- Second is the tying in of multiple modern expressions, such as the "final nail in the coffin" or the "fan club" of such and such, or comparing orators to rock stars and actors and playrights to "superstars" with their own trades unions and who were sent on embassies just as today famous actors or often (really often?) recruited as goodwill ambassadors by the UN.
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8 of 11 people found the following review helpful By Antis on December 21, 2009
Format: Hardcover
VenusInScorpio may have read almost every single book that survives written in Greek or Latin before the Fall of Rome, but I'm not sure s/he has actually read the book under discussion. I found From Democrats to Kings to be readable and well-paced. The judgments that Dr Scott makes about the Spartans being "bullies" or Alexander being a "mummy's boy" are not central themes of what is essentially a narrative history. They were, however, two aspects of the book that received widespread press coverage when it was published, notably in the review that appeared in the Independent. It appears that VenusInScorpio's assessment might have been based on the content of the reviews rather than the book itself.

From Democrats to Kings is a "popular" history book. Books in this category are always open to the criticism that they do not refer often or explicitly enough to the primary sources. But Dr Scott's book is not trying to break new academic ground: it is a survey of the period, designed to be accessible to non-specialist readers. Apart from a couple of mildly irritating references to recent Hollywood films, the book works extremely well - Dr Scott has a gift for telling a story and an ability to deliver pithy summaries of characters or places at just the right moment in the text. As others have commented on this site, the book is also very well produced, with a helpful index, bibliography and timeline.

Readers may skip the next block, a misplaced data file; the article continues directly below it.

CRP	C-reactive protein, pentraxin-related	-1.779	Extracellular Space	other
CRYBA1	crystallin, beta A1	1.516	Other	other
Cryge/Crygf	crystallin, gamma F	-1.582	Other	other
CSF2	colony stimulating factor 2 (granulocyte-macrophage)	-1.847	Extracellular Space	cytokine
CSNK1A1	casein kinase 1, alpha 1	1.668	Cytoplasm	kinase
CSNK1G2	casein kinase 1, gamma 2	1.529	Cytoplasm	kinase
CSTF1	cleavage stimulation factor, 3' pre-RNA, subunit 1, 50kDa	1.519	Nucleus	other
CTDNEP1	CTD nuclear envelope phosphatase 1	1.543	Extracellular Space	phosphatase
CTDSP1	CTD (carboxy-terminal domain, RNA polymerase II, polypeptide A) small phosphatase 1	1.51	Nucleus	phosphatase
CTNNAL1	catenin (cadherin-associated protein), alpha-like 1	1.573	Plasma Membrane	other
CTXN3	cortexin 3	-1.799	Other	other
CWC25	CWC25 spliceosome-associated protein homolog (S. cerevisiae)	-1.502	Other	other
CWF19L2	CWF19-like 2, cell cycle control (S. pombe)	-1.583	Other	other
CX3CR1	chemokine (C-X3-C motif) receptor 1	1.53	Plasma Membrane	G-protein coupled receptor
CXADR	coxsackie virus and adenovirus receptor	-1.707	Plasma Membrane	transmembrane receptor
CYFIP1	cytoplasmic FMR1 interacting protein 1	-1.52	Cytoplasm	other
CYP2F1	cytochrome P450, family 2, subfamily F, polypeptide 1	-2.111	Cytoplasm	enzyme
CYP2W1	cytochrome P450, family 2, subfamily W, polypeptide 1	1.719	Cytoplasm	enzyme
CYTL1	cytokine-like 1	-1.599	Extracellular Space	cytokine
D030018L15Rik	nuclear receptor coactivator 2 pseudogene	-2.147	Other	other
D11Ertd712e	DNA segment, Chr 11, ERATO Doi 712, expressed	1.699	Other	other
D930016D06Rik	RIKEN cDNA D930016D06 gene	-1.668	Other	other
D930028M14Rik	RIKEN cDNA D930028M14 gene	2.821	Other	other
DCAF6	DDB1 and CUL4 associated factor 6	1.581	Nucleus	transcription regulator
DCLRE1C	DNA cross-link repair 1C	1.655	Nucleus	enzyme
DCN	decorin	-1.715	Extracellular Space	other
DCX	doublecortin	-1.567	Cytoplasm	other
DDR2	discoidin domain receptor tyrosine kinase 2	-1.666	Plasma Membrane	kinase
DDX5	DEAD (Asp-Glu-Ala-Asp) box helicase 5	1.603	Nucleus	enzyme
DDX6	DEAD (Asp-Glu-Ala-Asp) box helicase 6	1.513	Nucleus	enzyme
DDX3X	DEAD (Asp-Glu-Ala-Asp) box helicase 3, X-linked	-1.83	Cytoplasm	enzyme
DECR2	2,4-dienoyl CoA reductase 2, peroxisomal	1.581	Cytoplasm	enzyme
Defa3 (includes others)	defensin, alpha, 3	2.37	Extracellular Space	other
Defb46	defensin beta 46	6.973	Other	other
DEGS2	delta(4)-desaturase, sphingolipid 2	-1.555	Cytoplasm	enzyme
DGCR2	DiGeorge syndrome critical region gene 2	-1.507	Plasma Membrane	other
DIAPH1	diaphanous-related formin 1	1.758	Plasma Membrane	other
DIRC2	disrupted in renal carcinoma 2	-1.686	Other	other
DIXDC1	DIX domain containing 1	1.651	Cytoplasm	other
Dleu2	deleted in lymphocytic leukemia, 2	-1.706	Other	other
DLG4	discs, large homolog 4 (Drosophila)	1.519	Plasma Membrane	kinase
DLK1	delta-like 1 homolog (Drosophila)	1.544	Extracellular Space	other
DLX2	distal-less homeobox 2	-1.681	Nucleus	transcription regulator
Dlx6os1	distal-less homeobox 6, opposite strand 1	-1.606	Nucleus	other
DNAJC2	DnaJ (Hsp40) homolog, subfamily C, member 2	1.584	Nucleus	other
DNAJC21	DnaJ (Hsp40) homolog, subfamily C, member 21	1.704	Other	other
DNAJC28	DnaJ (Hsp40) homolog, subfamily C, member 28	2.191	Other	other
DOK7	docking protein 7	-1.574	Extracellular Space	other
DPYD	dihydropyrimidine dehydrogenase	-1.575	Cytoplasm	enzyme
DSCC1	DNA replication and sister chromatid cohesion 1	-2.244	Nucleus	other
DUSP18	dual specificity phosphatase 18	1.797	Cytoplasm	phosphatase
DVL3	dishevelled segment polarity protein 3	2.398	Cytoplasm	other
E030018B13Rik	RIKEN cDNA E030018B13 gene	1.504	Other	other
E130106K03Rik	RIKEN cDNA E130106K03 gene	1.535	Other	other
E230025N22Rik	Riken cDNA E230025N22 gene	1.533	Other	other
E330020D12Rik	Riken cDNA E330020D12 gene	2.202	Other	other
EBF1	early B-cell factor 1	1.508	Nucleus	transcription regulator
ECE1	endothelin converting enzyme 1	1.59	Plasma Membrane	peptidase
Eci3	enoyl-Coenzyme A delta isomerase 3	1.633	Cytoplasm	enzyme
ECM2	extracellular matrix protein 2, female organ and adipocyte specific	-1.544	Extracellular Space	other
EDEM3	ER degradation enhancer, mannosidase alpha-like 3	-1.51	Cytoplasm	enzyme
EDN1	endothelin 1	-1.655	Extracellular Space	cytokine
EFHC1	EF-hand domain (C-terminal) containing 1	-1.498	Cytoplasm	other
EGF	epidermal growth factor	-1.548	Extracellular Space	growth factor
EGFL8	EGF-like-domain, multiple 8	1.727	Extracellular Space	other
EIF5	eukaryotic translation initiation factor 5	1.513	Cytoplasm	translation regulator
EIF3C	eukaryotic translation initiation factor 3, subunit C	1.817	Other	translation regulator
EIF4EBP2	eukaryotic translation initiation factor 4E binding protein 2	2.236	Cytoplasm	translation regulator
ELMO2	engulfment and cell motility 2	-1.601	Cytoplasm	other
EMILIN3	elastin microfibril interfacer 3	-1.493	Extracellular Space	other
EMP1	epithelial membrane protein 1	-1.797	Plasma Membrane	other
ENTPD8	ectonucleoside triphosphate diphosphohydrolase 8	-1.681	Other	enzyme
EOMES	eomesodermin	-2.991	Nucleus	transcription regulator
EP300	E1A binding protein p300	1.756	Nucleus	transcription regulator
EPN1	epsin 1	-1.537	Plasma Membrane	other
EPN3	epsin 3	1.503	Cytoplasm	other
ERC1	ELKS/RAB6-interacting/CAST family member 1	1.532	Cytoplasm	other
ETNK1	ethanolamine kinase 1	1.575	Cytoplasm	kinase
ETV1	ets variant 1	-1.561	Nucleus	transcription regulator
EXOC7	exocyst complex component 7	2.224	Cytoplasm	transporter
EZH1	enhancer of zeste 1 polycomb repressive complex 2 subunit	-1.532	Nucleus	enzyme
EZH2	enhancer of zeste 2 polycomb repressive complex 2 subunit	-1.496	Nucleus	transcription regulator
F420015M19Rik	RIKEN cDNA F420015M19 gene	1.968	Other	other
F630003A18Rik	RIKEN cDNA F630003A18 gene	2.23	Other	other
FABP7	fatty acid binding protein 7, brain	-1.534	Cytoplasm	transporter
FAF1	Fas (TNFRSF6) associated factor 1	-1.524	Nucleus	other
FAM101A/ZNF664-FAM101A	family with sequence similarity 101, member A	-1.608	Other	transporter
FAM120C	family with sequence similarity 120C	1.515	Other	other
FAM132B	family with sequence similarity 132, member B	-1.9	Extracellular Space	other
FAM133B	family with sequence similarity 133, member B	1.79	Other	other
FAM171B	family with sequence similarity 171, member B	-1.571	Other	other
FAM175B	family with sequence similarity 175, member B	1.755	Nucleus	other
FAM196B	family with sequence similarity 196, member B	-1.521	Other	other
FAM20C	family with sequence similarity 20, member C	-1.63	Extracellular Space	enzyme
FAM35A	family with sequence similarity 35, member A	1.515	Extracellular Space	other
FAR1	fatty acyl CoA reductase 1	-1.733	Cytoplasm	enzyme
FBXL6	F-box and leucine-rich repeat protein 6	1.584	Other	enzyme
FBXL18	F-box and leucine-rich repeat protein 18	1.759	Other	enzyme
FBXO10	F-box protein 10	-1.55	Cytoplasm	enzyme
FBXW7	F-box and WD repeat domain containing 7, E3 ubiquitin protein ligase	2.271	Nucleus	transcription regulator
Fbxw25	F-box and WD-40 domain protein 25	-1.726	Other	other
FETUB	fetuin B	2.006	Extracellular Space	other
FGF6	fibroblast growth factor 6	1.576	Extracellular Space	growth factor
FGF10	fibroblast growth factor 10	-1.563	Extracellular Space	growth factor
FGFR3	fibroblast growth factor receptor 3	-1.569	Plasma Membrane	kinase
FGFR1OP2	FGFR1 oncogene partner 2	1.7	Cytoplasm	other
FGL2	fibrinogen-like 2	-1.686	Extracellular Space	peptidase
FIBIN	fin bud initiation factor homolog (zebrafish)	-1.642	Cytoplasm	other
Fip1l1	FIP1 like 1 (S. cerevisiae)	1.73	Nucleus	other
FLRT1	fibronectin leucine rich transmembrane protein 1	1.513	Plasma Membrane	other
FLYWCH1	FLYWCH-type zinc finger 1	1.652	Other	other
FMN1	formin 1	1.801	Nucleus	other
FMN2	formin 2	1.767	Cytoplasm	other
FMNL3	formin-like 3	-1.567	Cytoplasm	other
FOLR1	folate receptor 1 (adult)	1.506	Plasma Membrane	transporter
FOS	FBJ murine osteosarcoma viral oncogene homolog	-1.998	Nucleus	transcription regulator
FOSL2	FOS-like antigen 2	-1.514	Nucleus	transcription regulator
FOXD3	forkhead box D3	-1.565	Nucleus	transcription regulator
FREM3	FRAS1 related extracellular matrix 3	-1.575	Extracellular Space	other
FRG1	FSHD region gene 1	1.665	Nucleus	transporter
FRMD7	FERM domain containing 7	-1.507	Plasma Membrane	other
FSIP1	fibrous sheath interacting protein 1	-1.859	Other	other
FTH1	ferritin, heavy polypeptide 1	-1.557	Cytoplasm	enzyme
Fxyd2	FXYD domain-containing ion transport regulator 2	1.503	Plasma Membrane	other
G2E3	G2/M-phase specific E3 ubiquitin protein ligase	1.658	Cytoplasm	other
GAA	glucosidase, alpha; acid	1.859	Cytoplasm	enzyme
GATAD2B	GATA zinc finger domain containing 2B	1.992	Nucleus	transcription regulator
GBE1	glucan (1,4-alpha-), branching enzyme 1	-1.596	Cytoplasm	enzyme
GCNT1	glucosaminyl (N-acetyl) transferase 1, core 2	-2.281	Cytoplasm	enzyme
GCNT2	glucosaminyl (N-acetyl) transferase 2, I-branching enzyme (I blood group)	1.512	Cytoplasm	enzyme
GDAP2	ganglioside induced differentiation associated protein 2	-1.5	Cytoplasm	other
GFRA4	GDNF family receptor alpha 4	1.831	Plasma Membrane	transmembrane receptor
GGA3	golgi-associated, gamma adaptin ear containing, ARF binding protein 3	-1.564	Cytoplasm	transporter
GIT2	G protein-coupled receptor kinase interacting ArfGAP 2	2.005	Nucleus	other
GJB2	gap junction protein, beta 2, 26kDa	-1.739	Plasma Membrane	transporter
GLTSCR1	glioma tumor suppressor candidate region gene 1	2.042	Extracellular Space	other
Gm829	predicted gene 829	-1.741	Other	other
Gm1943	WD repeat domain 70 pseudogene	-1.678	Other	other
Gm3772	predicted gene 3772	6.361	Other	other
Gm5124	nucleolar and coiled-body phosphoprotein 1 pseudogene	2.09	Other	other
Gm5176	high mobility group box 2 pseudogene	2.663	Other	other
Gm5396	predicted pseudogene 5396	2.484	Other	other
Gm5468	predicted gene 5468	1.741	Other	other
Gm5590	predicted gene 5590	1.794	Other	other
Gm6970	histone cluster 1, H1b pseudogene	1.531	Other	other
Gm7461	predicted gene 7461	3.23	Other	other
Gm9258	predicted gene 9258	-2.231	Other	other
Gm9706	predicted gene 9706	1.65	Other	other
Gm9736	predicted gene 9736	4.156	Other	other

If we want to debate Dr Scott's credentials as a writer of "serious" academic history, I note that Cambridge University Press are publishing a book of his next year on his research at Delphi and Olympia. I look forward to reading it.
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10 of 14 people found the following review helpful By Valmont on December 16, 2009
Format: Hardcover
The 4th Century has long been difficult period of Greek history to penetrate. Full of fascinating characters and the extreems of democracy and monarchy it has generated Hollywood epics (300 and Alexander) together with dry scholarly works dealing with one element or the other.

What has been lacking is one continuos narrative that charts the progress of democratic Athens to a Macedonian empire rulled by one man. Dr Scott's book fills that gap and tells the story from the perspective of a single lifetime - that of Isocrates' impressive 98 years.

I liked this book. It didn't preach from the academic pulpit or set out to demonstrate the genius of the author. For me, the narrative flowed from beginning to end injecting the pace of a novellist with the accuracy of a scholar.

The key players are quoted in a way that brings the subject to life and small details interplay well with the big historical drama. For example the Athenian prisoners arrogant request for their clothes and bedding after their crushing defeat at the battle of Chaeronea, twinned with Philip's jovial reaction, sets the scene for the broader political reaction across Greece.

For those who want to delve into this period in more detail there is a heap of source material at the back together with an excellent timeline and some really useful maps.

Hats off to Dr Scott for writing a book that allows both an enthusiastic amateur and a university undergraduate to navigate a relatively uncharted period of history with confidence. The many pieces of the 4th Century jigsaw have now fallen into place.

I look forward to reading more by this author.